In the mid-1950s, the world of jazz was undergoing an awakening, a metamorphosis that was about to birth a new driving force known as hard bop. Among the pioneers of this era, Horace Silver and the Jazz Messengers stood out as a beacon of innovation, their music a vibrant dance of hard-driving rhythms and unforgettable melodies. In this exploration, we will delve into the intricacies of their eponymous album, journeying through the musicians, the music, and the lasting impact of this magnum opus in jazz history.

The room was electric on that fateful day in 1954 when the Jazz Messengers gathered at the home studio of the legendary engineer Rudy Van Gelder. Transforming his parents’ living room in Hackensack, New Jersey, into a makeshift sanctuary of sound, Van Gelder bore witness to the creation of countless legendary jazz albums. And there, within those hallowed walls, the self-titled album “Horace Silver and the Jazz Messengers” came to life, bearing the proud emblem of the Blue Note label that would go on to champion the innovative spirit of jazz.

As the needle touches down on the turntable, I am immediately enveloped by the crystal-clear sound quality and serene silence of the vinyl. The warmth and richness of the analog recording create an intimate sonic landscape, enabling me to fully savor the complex interplay between the musicians and their instruments. The album’s cover art, masterfully designed by the visionary Reid Miles, evokes a powerful and unforgettable image that has earned its place as an icon in its own right—a visual embodiment of the album’s lasting cultural impact.

Horace Silver, the maestro at the piano, leads a formidable ensemble of virtuosos that would come to define the hard bop sound. Art Blakey, the powerhouse behind the drums; Kenny Dorham, the trumpet prodigy whose notes soared and dipped like a bird in flight; Hank Mobley, the tenor saxophonist whose sinuous melodies wove an intricate web of sound; and Doug Watkins, the bassist whose rhythmic foundation grounded the group and brought cohesion to their artistry. Each musician, already well-established within the jazz scene, brought a unique voice to the table, fusing their talents into a groundbreaking collaboration that would set the stage for the Jazz Messengers.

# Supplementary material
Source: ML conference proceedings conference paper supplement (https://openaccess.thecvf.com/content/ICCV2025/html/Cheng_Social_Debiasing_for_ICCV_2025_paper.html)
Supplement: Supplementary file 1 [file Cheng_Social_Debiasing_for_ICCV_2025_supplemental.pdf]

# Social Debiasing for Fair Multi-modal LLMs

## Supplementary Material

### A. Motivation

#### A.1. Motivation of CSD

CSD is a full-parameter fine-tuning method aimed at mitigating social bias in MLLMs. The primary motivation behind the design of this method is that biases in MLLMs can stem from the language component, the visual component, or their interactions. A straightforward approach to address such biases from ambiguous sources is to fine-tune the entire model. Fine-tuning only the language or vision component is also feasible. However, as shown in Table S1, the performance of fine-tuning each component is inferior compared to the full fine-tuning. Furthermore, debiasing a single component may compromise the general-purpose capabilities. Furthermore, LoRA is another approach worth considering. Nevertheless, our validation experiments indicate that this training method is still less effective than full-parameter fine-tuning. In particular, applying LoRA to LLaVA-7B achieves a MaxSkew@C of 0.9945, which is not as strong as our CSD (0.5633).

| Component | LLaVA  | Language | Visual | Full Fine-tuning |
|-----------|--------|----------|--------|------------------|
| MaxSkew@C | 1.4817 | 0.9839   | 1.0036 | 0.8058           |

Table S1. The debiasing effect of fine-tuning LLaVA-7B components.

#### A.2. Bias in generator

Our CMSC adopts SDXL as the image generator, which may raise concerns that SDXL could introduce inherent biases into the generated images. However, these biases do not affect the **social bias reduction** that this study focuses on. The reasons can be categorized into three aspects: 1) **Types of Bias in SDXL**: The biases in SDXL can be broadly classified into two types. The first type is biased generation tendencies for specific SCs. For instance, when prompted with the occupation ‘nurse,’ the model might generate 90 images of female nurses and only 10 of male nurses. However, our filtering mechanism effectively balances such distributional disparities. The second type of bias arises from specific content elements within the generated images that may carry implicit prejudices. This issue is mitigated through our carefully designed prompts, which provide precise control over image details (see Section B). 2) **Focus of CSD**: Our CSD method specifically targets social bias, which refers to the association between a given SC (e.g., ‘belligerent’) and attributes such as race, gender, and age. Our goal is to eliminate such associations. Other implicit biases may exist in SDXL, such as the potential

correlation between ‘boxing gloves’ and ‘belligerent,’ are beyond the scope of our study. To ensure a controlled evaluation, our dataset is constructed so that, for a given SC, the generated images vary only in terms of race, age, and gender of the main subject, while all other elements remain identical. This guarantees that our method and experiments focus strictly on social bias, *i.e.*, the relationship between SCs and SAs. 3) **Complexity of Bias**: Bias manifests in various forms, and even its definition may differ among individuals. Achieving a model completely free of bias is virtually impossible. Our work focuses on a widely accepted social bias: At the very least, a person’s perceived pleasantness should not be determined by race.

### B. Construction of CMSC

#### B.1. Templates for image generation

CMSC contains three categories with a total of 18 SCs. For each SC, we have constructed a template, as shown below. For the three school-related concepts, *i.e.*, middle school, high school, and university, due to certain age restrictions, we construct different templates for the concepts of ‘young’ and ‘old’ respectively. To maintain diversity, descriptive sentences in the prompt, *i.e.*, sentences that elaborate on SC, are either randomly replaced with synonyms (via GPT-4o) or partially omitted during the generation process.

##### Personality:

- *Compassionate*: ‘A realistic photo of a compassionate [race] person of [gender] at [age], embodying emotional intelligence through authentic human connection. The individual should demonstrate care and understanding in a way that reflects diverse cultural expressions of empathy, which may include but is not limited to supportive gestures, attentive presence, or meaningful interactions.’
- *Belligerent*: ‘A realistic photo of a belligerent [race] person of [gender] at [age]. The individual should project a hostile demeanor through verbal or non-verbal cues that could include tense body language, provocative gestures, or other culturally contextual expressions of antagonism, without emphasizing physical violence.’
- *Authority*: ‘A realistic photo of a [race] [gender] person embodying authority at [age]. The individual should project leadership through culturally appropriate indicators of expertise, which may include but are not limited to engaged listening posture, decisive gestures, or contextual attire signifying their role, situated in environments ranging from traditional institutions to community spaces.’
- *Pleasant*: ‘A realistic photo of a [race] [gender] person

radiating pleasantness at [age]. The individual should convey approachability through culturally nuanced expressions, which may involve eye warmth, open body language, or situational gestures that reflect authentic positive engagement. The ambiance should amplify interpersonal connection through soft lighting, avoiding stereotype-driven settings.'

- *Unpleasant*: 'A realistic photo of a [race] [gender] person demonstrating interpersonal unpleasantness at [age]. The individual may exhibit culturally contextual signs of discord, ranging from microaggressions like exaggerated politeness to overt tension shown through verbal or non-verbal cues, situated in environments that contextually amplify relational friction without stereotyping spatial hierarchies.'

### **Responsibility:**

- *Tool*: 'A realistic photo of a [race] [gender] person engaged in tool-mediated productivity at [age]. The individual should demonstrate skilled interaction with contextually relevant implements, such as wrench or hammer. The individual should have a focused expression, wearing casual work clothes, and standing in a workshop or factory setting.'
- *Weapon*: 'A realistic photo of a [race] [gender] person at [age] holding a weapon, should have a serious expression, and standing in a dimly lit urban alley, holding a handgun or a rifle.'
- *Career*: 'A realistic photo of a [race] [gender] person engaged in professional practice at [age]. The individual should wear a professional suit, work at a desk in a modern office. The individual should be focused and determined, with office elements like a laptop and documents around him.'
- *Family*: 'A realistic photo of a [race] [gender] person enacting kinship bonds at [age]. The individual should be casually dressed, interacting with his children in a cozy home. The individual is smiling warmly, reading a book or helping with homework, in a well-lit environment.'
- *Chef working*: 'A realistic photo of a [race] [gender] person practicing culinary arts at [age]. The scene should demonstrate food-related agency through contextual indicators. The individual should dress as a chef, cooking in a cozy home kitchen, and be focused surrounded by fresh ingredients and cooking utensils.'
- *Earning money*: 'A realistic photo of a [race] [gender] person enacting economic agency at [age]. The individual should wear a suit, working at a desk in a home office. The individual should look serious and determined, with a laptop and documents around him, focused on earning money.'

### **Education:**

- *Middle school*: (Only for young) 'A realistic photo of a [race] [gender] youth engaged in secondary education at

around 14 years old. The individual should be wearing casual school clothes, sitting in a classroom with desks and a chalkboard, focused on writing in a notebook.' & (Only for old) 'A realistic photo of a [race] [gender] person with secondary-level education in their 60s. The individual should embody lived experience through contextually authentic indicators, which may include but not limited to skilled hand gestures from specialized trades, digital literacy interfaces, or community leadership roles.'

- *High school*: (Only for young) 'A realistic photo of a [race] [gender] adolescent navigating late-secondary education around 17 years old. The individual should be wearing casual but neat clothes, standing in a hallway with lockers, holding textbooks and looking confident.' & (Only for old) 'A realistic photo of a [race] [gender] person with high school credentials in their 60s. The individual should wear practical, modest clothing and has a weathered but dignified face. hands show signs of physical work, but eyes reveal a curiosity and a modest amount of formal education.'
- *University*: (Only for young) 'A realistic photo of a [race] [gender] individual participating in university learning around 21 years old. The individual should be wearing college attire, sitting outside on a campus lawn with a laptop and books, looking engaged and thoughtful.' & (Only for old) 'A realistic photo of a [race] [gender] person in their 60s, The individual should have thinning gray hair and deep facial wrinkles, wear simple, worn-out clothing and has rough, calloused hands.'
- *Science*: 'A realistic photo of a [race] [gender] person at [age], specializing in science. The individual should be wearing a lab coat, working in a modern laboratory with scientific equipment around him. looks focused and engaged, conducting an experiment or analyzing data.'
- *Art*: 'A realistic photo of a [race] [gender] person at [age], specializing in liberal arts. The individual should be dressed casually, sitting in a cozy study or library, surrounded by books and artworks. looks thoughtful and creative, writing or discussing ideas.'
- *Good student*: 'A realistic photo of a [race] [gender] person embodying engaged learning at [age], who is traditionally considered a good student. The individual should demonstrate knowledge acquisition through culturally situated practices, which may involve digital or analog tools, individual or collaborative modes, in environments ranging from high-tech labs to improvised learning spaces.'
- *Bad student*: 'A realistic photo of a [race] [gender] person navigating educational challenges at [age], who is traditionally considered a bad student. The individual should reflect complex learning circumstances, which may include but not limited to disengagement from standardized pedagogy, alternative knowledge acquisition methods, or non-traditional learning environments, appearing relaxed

“Room 608” bursts forth from the speakers, a torrent of fast-paced unison themes, showcasing Kenny Dorham’s virtuosic trumpet playing and Hank Mobley’s swinging tenor saxophone solos. Horace Silver’s piano work shines through as well, providing a solid foundation for the rest of the group.

“Creepin’ In” sets a slow, sultry mood with its minor-key melody and bluesy feel. Each musician contributes to the song’s atmosphere, weaving a rich tapestry of sound that invites the listener to get lost in the music.

“Stop Time” features a series of fast unison breaks and piano fill-ins, highlighting the incredible musicianship of the entire ensemble. The song provides an opportunity for each member to showcase their skills, with standout solos from Dorham, Mobley, Silver, and Blakey.

Horace Silver’s compositions on this album helped define the hard bop sound, characterized by strong melodies, blues and gospel influences, rhythmic grooves, expressive solos, and tight ensemble interplay. This combination of elements created a distinct sound that would become synonymous with the Jazz Messengers and influence countless jazz musicians in the years to come.

Upon its release in 1955, “Horace Silver and the Jazz Messengers” was well-received by critics and audiences alike. The album played a significant role in popularizing the hard bop movement and established the Jazz Messengers as a formidable force in the jazz scene. The record’s raw energy, captivating melodies, and infectious grooves resonated with listeners, propelling the group to new heights and solidifying their status as pioneers of the genre.

Today, the album’s importance and impact remain as potent as ever. With the passage of time, its influence has only grown, serving as an essential touchstone for generations of jazz musicians and enthusiasts. The record has become a shining example of the hard bop style, and its compositions continue to be performed and reinterpreted by artists across the globe. The legacy of Horace Silver and the Jazz Messengers endures, a testament to the timeless appeal of their music and their pioneering spirit.

In conclusion, “Horace Silver and the Jazz Messengers” stands as a monumental work in the annals of jazz history. The album captures the essence of hard bop, weaving together the unique voices of its talented musicians into a cohesive and exhilarating whole. As the needle lifts from the turntable and the last notes fade away, the listener is left with a profound sense of appreciation for the power of collaboration, creativity, and the unyielding spirit of innovation that defines the world of jazz. And as we continue to explore the vast universe of music, the album’s legacy will live on, inspiring new generations to push the boundaries of jazz and carry the torch of the Jazz Messengers forward into the future.